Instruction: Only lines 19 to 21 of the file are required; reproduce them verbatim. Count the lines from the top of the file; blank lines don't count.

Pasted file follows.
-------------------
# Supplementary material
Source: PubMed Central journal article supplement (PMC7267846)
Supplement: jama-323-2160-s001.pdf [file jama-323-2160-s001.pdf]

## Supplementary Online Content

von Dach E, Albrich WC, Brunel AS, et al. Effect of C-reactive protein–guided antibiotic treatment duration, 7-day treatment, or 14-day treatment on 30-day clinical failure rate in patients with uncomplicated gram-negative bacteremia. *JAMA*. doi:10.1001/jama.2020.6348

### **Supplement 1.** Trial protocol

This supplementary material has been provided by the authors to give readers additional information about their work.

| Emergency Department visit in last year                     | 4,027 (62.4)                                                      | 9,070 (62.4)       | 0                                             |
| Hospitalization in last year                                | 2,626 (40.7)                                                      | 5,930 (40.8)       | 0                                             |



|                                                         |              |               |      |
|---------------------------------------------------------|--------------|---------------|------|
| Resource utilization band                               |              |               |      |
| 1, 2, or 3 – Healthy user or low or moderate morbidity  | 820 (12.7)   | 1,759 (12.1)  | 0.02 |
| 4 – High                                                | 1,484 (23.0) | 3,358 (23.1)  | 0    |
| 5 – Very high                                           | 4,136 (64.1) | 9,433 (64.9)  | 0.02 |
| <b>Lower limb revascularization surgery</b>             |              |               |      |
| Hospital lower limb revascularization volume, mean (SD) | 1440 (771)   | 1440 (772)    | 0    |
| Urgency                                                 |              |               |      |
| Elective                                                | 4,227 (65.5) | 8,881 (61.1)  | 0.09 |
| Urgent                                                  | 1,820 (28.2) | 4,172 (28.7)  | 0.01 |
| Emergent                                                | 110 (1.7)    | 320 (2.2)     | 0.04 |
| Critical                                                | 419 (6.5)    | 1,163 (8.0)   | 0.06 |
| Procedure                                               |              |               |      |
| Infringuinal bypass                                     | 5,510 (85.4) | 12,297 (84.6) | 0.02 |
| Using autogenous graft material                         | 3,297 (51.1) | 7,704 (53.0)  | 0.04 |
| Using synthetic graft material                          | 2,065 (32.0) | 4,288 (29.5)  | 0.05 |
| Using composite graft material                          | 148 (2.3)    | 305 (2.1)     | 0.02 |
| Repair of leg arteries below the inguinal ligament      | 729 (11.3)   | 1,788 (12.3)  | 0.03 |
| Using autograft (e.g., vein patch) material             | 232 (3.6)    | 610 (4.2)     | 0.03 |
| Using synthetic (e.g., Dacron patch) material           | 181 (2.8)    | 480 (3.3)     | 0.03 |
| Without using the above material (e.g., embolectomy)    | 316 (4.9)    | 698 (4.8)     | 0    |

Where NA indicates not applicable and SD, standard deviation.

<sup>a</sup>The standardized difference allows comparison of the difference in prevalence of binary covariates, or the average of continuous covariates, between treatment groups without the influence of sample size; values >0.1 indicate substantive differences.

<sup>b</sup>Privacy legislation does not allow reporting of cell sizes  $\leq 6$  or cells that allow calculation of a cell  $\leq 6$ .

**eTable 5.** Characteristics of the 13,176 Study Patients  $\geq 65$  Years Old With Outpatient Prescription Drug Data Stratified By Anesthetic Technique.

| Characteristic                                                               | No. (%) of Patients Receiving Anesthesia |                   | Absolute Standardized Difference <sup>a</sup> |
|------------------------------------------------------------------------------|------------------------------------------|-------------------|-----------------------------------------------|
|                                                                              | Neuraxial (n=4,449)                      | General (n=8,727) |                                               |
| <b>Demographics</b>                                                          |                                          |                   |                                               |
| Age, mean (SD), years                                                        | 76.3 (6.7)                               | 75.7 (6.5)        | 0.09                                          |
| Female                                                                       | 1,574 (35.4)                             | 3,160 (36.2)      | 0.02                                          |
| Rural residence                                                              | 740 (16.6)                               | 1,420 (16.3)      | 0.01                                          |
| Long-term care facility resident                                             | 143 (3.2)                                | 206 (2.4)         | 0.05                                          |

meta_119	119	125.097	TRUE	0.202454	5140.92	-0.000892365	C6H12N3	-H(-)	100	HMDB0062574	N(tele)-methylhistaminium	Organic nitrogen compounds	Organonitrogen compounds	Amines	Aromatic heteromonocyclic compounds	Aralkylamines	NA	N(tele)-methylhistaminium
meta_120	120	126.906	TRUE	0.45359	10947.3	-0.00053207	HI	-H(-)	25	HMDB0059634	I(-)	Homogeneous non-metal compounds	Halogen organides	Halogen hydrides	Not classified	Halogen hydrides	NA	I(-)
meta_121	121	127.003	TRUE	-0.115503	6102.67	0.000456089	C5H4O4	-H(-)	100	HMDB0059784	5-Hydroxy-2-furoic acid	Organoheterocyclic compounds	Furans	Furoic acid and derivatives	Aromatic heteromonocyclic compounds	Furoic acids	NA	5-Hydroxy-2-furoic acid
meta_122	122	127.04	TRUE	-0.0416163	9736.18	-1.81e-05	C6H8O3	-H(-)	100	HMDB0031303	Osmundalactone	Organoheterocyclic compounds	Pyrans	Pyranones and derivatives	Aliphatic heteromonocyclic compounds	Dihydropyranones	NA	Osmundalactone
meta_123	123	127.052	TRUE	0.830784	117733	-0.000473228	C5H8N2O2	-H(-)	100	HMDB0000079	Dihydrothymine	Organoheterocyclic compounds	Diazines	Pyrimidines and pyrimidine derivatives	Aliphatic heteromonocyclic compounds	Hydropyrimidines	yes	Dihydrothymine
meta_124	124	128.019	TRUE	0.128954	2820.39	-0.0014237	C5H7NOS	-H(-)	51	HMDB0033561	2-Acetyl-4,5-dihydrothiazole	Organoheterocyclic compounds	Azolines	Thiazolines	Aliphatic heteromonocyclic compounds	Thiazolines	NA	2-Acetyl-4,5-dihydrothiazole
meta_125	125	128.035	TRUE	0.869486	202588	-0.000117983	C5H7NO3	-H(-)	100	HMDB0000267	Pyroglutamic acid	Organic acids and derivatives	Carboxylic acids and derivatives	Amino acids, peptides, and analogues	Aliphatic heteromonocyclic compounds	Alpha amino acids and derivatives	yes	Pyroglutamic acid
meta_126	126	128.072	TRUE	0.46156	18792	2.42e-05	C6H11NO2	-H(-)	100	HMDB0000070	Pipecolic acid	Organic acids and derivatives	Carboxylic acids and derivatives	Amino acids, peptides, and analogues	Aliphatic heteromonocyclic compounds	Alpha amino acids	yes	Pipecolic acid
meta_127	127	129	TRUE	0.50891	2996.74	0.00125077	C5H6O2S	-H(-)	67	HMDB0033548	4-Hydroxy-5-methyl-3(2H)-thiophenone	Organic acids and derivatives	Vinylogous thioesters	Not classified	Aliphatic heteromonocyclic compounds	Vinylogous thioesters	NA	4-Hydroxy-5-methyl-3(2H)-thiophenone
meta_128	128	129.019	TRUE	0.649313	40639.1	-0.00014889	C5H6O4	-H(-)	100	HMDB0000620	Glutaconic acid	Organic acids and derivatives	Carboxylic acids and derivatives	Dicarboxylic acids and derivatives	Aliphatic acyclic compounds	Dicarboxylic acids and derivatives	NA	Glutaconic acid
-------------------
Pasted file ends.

| Elective                                                | 4,227 (65.5) | 8,881 (61.1)  | 0.09 |
| Urgent                                                  | 1,820 (28.2) | 4,172 (28.7)  | 0.01 |
| Emergent                                                | 110 (1.7)    | 320 (2.2)     | 0.04 |